Africans Welcome the COP27 ‘Loss & Damage’ Deal, But Demand More Decisive Action

A woman poses for a photo in front of a sign at the COP27 U.N. Climate Summit, Wednesday, Nov. 16, 2022, in Sharm el-Sheikh, Egypt.On Sunday, delegates at the 2022 United Nations Climate Change Conference (COP27) came to an agreement on the “loss and damage” deal after extended negotiations. The decision involves creating a fund for financial help from the world’s top emitters of greenhouse gas for those nations which have proved most vulnerable to the effects of climate.The founding of a “loss and damage” fund has been called “historic” as it inspires hope that the world’s richest countries have started to acknowledge their climate responsibilities – not only in word, but in deed.Antonio Guterres, secretary-general of the UN, called the decision “an important step towards justice”, adding that the agreement “will not be enough, but it is a much-needed political signal to rebuild broken trust”.The US expressed support for the development of the fund, announcing $70Mln of extra help for “African partners with climate-resilient agriculture in Southern/Central Africa” as well as “more than $300Mln in 2022 for resilient African food systems”.WorldCOP27 Strikes Historic Deal to Fund Poorer Nations’ Climate ‘Loss & Damage’ 05:42 GMTRepresentatives from Africa, the continent named among those most most suffering from the climate change effects, rejoiced at the decision. Mohammed Hassan Abdullahi, Nigeria’s minister of the environment who represented his country at the climate conference, said that he looks forward “with optimism to build on the successes of COP27”, noting that the development and implementation of the “loss and damage” fund is the concern now.Habil Olaka, chief executive of the Kenya Bankers’ Association, described the conference’s outcome as “inspiring”, adding that it – among other things – helped to draw attention to the role financial institutions play in the climate process.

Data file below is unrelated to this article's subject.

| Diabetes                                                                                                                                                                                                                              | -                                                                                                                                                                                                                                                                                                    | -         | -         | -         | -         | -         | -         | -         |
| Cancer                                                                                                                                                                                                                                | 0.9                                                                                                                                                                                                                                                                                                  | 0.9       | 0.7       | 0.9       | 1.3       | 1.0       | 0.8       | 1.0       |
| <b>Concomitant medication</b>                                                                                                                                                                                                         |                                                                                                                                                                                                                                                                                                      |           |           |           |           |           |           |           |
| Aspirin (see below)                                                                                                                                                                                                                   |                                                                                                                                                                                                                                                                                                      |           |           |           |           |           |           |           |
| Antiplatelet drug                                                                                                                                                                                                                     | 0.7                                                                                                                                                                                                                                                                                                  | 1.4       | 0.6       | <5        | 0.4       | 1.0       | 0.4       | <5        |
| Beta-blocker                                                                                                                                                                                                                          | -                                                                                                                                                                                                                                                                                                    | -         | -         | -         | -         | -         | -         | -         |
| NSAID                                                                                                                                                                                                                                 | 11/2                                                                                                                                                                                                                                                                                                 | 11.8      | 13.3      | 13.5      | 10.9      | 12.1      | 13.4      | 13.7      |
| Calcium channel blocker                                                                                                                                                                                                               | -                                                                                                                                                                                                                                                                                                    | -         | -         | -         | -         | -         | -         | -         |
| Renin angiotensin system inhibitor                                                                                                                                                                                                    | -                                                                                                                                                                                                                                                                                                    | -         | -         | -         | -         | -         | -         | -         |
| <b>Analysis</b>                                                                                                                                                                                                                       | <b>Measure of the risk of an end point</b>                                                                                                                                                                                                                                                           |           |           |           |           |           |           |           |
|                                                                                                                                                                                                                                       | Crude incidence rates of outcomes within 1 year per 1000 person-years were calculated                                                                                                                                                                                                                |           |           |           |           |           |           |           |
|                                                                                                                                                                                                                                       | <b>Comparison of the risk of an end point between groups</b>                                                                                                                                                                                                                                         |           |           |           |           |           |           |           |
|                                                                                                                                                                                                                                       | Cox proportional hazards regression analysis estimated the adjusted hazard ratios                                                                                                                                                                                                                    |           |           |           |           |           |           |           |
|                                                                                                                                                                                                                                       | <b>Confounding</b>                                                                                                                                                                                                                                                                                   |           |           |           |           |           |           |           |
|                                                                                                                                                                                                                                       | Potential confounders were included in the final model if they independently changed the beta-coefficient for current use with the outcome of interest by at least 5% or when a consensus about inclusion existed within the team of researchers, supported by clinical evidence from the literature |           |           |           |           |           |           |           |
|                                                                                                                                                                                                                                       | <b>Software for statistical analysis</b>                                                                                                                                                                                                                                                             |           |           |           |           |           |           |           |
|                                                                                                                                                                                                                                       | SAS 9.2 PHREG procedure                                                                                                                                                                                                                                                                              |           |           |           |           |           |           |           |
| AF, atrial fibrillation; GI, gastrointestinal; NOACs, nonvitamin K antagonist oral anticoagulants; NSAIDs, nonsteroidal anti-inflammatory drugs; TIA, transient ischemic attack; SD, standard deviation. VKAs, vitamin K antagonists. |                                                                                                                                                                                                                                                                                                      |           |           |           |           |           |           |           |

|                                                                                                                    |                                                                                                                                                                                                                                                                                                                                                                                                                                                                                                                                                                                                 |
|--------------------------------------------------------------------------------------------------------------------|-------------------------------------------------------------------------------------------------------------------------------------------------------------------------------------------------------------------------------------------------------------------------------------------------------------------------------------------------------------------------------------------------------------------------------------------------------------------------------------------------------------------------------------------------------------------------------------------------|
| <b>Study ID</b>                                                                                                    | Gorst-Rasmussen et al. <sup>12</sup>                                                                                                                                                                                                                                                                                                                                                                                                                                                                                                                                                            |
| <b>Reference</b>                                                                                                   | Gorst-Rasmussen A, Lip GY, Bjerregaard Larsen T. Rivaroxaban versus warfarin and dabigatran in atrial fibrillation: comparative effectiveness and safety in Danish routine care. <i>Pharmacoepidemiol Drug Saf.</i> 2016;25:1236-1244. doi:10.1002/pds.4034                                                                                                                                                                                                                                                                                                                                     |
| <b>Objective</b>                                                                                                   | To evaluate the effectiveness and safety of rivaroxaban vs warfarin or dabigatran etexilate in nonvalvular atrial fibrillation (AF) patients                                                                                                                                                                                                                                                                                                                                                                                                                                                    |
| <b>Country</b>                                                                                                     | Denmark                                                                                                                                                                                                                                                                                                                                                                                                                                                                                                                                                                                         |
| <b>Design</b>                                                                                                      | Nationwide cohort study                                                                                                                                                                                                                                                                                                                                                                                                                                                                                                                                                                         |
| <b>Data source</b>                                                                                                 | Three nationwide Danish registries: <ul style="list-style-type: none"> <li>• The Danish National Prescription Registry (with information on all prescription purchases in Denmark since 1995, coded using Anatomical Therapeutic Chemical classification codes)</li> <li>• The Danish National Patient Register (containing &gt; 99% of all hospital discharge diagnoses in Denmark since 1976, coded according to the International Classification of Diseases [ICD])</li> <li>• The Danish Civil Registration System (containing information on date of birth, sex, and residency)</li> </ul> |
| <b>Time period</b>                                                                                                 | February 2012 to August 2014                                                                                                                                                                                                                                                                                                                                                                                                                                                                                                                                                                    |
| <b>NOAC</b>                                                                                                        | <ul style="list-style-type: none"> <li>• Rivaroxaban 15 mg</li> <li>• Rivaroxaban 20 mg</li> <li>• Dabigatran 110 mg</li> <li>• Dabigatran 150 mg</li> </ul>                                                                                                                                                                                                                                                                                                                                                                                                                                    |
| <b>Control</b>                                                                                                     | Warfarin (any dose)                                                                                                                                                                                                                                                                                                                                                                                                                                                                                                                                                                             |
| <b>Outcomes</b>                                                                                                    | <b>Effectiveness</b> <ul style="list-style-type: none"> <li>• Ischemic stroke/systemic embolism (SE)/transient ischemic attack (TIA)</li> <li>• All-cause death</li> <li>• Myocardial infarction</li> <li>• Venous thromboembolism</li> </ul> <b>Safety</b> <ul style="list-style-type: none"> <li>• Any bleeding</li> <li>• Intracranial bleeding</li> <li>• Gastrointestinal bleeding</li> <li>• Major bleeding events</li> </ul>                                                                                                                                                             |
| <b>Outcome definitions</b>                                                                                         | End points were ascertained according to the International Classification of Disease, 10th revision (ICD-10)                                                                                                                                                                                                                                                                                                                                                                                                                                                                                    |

"It is, therefore, becoming increasingly clear that no progressive institution or individual can afford to default on their climate change commitments. Environmental degradation affects every aspect of life, so remedies are participatory in nature," he wrote, adding: "According to the United Nations, two-thirds of worldwide finance is provided by banks. This presents banking institutions with a fabulous opportunity to contribute to the realisation of sustainable development goals."

Other African experts and observers, however, were less optimistic about the outcome of the convention, saying that their expectations had been higher. NJ Ayuk, executive chairman of the South African energy legal group African Energy Chamber, said that “no deal is often better than a bad deal for Africans, our fight against energy poverty, natural gas development and our young people”, referring to his concerns over the way western countries interfere in the development of Africa’s energy infrastructure.Mohamed Adow, founder and director of energy and climate think-tank Power Shift Africa expressed his opinion that “the EU is starting to use [the ‘loss and damage’ deal] as a poison pill to fix old divisions around expanding the donor base”.

"We also don’t need a fund in name only. A fund that doesn’t specify the requirement for historic polluters to deliver finance, and shifts the burden to undefined ‘other sources’ won’t meet the needs of vulnerable countries facing the adverse effects of climate change," Adow said.

He also pointed out that this year’s conference “was billed as an implementation COP”, but in fact little progress was made, for example, in winding down fossil fuels.Adow’s remarks come as part of the global discussion on the use of fossil fuel. Although international bodies specify that the fossil fuel energy sector is among the main contributors to greenhouse gas emissions, some experts have underlined that the green agenda should not curb the development of Africa’s energy resources, which contributes just two or three percent to global gas emissions while suffering disproportionally from the impacts of climate change.A statement by Thuli Makama, Africa Senior Adviser of Oil Change International – a research, communication, and advocacy organization – echoed Adow’s comments, identifying the phasing out of fossil fuel as the “first step in protecting our climate and communities”, which the COP27 failed to agree to.”We won’t stop fighting until we achieve climate justice for Global South communities,” he added.Returning home from the COP27, Nigeria’s Abdullahi once more pointed out how urgent climate issues are, publishing footage of “a once thriving wetland between Chad and Nigeria”.


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